I was fortunate to experience the best of First Nations’ controlled initiatives that helped to close the gap in my job as a former flying doctor and remote area locum.
I was in the Torres Strait for Mabo Day in 2014 when people from all the islands came to celebrate their culture and take part in sporting activities.
Their fish-based diet meant they had low heart disease. Service delivery was team based, and addressed their priorities, including sex education and contraception. A separate team delivered diabetes management and education. Locally employed teams trained service providers, creating employment and delivering better outcomes.
The Mawarnkarra Health Service (mawarnkarra means “one with power to heal”) in Roebourne was the best I had seen.
It employed 56 local First Nations people, including health workers to gardeners. A team-based approach to addressing local priorities led to better immunisation rates and aged care health checks.
The service, co-funded by Rio Tinto, is totally First Nations’ controlled.
In Ngaanyatjarra country (Warburton) the community ran an amazing preschool program. Mums would return from Kalgoorlie where they delivered their new babies and would enrol in a certificate course in either early childhood or catering.
The centre was equipped with laundry, bathrooms and a commercial kitchen, initially paid for by the local Aboriginal corporation. All the children’s books were bilingual and every child was school ready and literate before they started school.
All the mothers would graduate with a ready-made job waiting for them. Health outcomes were excellent. There were very little school sores and infections, due to good hygiene and healthy development with good food.
The corporation’s semi-trailer would deliver fresh food once a week at city prices, subsidised by putting a loading on less healthy foods like cola and biscuits.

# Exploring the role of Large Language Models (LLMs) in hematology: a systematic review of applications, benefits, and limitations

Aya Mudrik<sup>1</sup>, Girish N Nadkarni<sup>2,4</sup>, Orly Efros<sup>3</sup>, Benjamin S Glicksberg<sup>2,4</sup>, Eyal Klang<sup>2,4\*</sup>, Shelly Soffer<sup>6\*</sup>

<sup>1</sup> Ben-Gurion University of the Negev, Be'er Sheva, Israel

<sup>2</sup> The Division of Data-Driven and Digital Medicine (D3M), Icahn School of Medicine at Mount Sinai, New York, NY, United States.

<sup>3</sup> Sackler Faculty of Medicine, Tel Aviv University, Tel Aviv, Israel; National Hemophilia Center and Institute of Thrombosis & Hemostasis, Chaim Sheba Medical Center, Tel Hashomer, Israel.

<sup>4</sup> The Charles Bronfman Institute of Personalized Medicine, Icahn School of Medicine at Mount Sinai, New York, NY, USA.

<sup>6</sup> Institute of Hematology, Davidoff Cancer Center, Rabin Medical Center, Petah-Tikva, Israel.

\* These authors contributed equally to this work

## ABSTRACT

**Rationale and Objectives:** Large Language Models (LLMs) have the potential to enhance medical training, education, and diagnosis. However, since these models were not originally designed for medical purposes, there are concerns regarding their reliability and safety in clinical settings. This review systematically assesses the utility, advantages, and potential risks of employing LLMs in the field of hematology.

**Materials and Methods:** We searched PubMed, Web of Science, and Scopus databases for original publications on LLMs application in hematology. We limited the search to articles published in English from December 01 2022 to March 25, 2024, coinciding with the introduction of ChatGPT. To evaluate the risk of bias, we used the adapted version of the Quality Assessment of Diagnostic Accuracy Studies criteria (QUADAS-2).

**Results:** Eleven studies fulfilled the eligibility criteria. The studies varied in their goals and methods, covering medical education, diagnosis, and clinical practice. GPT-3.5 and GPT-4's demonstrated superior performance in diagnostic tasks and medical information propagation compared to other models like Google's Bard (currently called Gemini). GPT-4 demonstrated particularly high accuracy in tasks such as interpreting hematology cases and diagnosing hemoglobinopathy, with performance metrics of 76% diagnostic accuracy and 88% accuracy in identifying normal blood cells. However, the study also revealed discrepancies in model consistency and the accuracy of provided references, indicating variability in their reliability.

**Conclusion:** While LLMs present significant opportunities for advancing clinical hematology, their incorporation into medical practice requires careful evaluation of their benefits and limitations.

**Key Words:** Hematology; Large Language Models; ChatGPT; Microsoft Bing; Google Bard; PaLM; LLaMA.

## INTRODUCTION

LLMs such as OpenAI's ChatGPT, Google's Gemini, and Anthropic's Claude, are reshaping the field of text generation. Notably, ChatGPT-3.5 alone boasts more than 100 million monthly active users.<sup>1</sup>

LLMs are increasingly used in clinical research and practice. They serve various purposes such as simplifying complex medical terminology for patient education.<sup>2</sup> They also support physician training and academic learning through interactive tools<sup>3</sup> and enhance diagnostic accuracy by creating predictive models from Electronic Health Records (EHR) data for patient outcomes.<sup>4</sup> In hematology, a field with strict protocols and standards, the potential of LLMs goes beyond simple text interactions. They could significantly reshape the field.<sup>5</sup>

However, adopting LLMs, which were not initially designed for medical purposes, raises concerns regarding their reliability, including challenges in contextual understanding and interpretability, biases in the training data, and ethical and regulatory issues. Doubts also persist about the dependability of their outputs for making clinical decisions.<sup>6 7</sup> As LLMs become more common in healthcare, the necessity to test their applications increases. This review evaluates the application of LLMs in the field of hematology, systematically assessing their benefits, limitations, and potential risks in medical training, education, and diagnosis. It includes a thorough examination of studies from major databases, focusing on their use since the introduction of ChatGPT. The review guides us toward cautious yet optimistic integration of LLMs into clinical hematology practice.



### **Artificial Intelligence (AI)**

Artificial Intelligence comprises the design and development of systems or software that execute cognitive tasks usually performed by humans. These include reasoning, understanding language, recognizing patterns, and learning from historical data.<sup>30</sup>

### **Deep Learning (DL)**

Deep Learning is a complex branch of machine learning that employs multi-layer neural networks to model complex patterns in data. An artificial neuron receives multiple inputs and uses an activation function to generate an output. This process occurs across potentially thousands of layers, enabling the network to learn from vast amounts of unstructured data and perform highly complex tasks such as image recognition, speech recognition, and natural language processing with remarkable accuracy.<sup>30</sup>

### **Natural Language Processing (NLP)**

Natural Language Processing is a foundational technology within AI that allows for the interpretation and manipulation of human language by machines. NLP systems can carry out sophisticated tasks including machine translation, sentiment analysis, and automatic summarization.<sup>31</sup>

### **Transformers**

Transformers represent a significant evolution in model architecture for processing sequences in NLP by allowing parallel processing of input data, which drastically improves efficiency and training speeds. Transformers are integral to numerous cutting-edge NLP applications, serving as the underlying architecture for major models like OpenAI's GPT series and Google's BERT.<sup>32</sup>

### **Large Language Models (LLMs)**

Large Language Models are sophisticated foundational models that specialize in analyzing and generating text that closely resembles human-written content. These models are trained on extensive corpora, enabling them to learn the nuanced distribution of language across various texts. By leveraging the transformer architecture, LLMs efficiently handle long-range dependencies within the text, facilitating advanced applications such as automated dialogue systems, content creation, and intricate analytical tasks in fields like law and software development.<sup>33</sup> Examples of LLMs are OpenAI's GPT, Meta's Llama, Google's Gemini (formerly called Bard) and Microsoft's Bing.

Sadly, these success stories are the exception not the rule.
Dissemination of these programs to other communities lacks the coordination that the Voice to Parliament would provide to close the gap across all communities.
One of the principles of the Voice is that solutions should be locally based, not rules imposed from Canberra like so many decisions, including the racist Northern Territory intervention, were.
As epidemiologist Professor Fiona Stanley pointed out, the Tony Abbott Coalition government cut funding to 75 programs that delivered programs such as maternal nutrition and awareness of foetal alcohol syndrome. All related measures became worse after the government-imposed intervention.
Sadly, the one vote one value system means that a majority ignores the needs of the minority. The votes of the baby boomers has made sure they continue to get generous superannuation and pensions at the expense of other programs.
Another principle is that the Voice will not fund programs, but rather rely on evidence-based outcomes to recommend that parliament does: these initiatives include justice reinvestment programs to reduce youth incarceration.
First Nations peoples need a constitutional voice that cannot be taken away. They need to be recognised as the First Peoples for their 60,000+ year continuous culture.
The British-written constitution didn’t even recognise First Nations peoples’ right to be counted as citizens in the census until 1967.
Many individual groups have a voice to parliament: the very well-funded Business Council of Australia; the Minerals Council of Australia, medical lobby groups and bodies representing aged care and disability.
Those who have lived and worked in remote communities understand that all the privileges of communication, education and readily-accessible health care that enable most of us to have a voice is denied to the most vulnerable communities.
Many Closing the Gap targets have gone backwards. We need a new way of finding programs that are community controlled, co-designed and that work.
I will be voting Yes to the Voice. I am proud that my college, the Royal Australian College of General Practitioners, after careful consultation with the Aboriginal faculty, has come out in favour of the Voice. We see it as a way to correct 130 years of exclusion from the Constitution and a practical way of closing the gap.
[Dr Colin Hughes is a former chair of the Royal Australian College of General Practitioners, Western Australia.]